Sunday, February 23, 2014

[Matt's Messages] "Find Strength in the LORD Your God"

“Find Strength in the LORD Your God”
A Heart for the Heart of God: The Message of 1 Samuel
February 23, 2014 :: 1 Samuel 29:1-30:31

This book is coming to a head. We’re almost to the dramatic ending of the whole thing–1 Samuel.

The last two sermons in 1 Samuel have both had cliffhanger endings. The last sermon featured King Saul who was out of his mind scared of the impending battle with the Philistines. And he turned to a medium, to witchcraft, to dark forces to try to scrabble up some winning battle plan.  He got more than he bargained for because, apparently, Samuel showed up and told him that the very next day he would die and his nation would lose the battle.

And with that dark foreshadowing, the chapter ended with Saul slipping out into the night.  Cliffhanger. We will have to wait to see what happens next to Saul.

Two sermons ago, we had a cliffhanger involving the anointed but not yet king David.

David has been playing a dangerous game. He got tired of being chased by Saul and decided to hide among the Philistines. He became the head of a mercenary army ostensibly working for Achish the biggest Philistine king.

But he’s actually been a double agent. David has not been raiding the Hebrew settlements but Canaanite ones. He’s just been very careful to cover his tracks.

And Achish has been successfully fooled into thinking that David is loyal.

Too successfully!  Because when we last left off, Achish has asked David to be his personal bodyguard and to fight right alongside him as the Philistines directly go up against King Saul and the Israelites!

Do you see the quandary that David is in?

Here’s his dilemma: If he fights for Achish now, he will be raising his hands against the LORD’s anointed which he has made clear that he will not do.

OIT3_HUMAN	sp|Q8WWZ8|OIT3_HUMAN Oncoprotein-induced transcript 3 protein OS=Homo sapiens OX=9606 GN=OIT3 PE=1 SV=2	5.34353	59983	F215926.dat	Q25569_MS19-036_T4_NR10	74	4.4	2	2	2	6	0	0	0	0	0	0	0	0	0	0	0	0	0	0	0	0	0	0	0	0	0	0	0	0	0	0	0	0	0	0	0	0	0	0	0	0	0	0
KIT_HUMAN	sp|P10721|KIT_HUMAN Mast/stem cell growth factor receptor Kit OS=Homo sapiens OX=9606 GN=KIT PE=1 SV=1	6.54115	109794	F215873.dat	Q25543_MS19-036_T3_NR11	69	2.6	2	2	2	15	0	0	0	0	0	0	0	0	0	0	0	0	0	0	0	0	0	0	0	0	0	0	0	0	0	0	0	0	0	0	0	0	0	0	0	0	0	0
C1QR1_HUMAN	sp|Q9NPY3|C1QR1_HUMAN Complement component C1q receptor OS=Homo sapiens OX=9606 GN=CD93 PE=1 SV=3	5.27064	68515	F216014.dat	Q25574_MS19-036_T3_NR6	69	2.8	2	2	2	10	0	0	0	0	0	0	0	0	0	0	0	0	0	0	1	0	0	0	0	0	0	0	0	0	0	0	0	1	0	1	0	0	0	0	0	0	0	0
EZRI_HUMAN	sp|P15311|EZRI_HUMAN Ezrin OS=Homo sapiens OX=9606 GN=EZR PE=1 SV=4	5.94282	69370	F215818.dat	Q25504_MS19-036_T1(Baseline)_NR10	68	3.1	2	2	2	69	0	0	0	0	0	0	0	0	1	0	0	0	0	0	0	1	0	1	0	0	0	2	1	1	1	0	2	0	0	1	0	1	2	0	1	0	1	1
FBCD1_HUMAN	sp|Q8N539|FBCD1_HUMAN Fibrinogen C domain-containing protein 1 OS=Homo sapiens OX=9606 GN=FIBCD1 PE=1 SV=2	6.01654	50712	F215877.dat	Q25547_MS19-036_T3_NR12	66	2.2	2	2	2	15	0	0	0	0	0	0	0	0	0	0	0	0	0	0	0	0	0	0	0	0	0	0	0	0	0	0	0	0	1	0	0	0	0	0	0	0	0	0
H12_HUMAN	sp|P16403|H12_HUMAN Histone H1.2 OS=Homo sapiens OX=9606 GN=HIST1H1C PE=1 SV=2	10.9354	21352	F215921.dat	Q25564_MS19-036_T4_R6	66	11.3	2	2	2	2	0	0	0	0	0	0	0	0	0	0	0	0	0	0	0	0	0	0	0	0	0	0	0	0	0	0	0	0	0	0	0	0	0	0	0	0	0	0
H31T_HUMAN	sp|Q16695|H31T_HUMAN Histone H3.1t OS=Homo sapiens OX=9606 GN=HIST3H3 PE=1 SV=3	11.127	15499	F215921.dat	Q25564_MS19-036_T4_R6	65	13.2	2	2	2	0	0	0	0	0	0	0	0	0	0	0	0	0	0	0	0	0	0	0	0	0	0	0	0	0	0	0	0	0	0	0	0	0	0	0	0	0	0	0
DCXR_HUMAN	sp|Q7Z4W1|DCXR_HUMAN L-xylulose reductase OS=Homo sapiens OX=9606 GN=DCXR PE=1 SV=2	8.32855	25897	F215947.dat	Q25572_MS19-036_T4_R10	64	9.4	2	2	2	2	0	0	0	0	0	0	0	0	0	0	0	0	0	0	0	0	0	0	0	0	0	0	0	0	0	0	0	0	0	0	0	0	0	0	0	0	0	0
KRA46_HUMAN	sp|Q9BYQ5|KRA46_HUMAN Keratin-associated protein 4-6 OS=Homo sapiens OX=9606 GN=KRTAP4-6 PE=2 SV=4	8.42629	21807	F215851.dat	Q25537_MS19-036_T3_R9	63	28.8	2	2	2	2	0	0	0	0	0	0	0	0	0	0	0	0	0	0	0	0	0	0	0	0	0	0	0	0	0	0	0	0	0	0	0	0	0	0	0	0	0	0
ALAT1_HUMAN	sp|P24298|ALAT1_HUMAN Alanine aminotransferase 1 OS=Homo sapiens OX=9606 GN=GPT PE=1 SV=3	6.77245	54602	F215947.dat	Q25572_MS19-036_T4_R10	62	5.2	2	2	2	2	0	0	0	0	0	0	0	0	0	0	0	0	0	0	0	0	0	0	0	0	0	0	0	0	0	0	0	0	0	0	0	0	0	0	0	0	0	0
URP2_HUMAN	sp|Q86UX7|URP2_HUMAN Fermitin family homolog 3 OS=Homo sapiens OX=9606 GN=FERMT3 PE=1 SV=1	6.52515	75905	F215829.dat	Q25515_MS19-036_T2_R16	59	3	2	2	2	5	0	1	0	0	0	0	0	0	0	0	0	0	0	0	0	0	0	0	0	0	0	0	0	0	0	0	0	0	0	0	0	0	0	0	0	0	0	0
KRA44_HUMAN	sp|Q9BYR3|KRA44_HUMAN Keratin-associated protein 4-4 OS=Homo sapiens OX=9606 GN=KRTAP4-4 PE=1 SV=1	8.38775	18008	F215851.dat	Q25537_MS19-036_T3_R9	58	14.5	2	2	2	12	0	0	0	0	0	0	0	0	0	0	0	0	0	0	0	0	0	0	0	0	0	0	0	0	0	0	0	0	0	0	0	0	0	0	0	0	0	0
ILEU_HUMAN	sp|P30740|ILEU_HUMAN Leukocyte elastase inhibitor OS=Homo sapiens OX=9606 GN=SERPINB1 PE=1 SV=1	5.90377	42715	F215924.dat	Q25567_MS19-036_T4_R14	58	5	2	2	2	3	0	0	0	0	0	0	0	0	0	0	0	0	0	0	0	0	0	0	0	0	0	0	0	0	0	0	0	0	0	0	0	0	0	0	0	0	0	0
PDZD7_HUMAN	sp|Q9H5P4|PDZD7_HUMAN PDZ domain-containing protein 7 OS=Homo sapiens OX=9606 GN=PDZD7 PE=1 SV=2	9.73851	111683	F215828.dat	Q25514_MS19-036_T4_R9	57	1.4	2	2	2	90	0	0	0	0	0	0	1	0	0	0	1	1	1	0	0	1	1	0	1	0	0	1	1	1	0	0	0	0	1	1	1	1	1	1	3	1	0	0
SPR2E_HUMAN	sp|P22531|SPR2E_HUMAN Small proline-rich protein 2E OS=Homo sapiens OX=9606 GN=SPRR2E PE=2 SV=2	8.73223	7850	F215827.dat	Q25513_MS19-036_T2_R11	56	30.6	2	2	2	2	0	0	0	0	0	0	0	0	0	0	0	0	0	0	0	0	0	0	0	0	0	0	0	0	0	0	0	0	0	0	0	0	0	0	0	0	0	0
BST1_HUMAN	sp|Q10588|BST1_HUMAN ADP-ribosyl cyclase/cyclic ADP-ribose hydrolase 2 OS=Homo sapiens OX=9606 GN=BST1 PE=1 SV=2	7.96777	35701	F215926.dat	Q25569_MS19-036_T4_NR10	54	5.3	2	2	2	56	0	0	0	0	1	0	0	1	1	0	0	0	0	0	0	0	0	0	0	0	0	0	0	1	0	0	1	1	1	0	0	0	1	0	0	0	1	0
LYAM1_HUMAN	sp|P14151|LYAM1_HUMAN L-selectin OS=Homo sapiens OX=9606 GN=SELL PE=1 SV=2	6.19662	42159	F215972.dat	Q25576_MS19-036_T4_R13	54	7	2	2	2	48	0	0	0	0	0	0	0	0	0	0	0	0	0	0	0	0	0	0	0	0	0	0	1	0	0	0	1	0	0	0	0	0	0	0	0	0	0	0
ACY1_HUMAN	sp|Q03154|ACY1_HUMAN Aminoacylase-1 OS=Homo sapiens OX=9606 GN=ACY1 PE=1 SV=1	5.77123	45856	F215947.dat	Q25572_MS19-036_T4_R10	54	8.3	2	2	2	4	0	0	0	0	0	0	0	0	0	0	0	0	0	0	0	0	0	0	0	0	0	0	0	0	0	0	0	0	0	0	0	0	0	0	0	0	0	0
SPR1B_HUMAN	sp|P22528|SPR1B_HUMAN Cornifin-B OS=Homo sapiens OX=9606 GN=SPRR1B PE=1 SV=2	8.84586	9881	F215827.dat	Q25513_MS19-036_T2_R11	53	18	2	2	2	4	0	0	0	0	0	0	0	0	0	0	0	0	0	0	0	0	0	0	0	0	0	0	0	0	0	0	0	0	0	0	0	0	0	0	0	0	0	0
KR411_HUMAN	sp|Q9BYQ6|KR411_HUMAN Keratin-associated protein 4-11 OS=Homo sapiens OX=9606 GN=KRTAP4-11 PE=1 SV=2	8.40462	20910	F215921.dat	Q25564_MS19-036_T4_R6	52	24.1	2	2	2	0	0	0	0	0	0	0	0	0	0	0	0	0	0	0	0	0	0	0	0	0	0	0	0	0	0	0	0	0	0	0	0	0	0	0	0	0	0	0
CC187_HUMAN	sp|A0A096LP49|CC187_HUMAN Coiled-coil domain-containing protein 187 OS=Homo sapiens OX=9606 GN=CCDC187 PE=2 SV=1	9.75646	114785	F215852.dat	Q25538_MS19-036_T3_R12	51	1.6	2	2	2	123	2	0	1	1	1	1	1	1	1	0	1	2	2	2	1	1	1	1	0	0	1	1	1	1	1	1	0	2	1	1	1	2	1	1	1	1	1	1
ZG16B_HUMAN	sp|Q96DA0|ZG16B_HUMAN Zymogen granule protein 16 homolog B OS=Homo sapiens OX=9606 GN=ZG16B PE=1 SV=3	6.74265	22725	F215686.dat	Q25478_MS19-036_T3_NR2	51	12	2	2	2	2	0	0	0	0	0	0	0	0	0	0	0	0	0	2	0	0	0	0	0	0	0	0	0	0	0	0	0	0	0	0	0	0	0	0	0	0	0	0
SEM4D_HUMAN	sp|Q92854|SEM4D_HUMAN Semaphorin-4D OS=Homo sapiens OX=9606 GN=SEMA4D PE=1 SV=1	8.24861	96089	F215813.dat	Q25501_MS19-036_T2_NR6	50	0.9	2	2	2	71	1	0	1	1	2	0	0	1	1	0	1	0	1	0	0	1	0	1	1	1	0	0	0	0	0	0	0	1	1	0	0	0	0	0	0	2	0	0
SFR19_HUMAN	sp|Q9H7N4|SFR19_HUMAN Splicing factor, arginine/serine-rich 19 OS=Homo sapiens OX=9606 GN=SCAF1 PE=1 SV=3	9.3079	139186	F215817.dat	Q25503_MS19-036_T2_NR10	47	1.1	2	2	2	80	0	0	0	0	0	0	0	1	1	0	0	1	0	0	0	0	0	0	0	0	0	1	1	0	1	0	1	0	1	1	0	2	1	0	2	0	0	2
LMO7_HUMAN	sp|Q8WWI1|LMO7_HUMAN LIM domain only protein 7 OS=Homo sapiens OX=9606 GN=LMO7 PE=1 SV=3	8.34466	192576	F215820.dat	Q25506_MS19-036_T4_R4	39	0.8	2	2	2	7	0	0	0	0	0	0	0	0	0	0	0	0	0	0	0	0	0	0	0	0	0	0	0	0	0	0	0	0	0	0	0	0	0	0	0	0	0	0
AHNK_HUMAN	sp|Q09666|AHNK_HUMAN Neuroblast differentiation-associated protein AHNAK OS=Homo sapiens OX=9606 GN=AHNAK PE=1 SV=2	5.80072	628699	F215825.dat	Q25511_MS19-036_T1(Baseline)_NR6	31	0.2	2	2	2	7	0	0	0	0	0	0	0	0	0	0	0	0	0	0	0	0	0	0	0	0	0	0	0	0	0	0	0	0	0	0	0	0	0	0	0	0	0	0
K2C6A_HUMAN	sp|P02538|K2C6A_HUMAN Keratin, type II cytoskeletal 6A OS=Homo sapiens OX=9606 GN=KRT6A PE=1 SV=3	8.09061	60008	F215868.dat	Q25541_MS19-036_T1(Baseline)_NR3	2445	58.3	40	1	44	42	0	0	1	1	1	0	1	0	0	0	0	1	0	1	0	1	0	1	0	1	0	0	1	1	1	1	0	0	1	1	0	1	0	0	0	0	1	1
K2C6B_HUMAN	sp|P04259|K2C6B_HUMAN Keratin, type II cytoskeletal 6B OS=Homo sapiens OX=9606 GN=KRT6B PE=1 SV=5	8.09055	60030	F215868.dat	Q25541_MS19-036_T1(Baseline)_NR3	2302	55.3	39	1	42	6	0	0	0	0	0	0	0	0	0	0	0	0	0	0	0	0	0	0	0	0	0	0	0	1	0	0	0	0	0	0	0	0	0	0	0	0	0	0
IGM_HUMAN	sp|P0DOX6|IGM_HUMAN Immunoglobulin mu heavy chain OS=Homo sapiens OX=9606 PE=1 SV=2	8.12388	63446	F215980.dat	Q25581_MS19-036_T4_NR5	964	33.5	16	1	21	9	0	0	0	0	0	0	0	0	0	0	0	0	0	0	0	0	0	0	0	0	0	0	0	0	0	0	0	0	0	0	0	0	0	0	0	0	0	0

But if he shows his colors now, he is deep in Philistine territory and in deep deep trouble with Achish.

It seemed like David was in a lose-lose situation at the cliffhanger ending of chapter 28:3.

So, it’s all coming to a head.  And that’s where we start off today.

I’m going to call today’s message “Find Strength in the LORD Your God.”

Those words come straight out of what David does in chapter 30, verse 6.  We’ll see that in a few minutes. And we’ll see how we are to do it today. “Find Strength in the LORD Your God.”

And I’ve got 3 reasons today to find strength in the LORD Your God.  So, if you’re taking notes, there will be 3 points.

Chapter 29, verse 1.

The Philistines gathered all their forces at Aphek, and Israel camped by the spring in Jezreel. As the Philistine rulers marched with their units of hundreds and thousands, David and his men were marching at the rear with Achish.”

And they are probably wondering, “How are we ever going to get out of this one?” v.3

“The commanders of the Philistines asked, ‘What about these Hebrews?’ [Where’d they come from?] Achish replied, ‘Is this not David, who was an officer of Saul king of Israel? He has already been with me for over a year, and from the day he left Saul until now, I have found no fault in him.’ [I’ve turned him. He’s my agent. He’s my guy now!]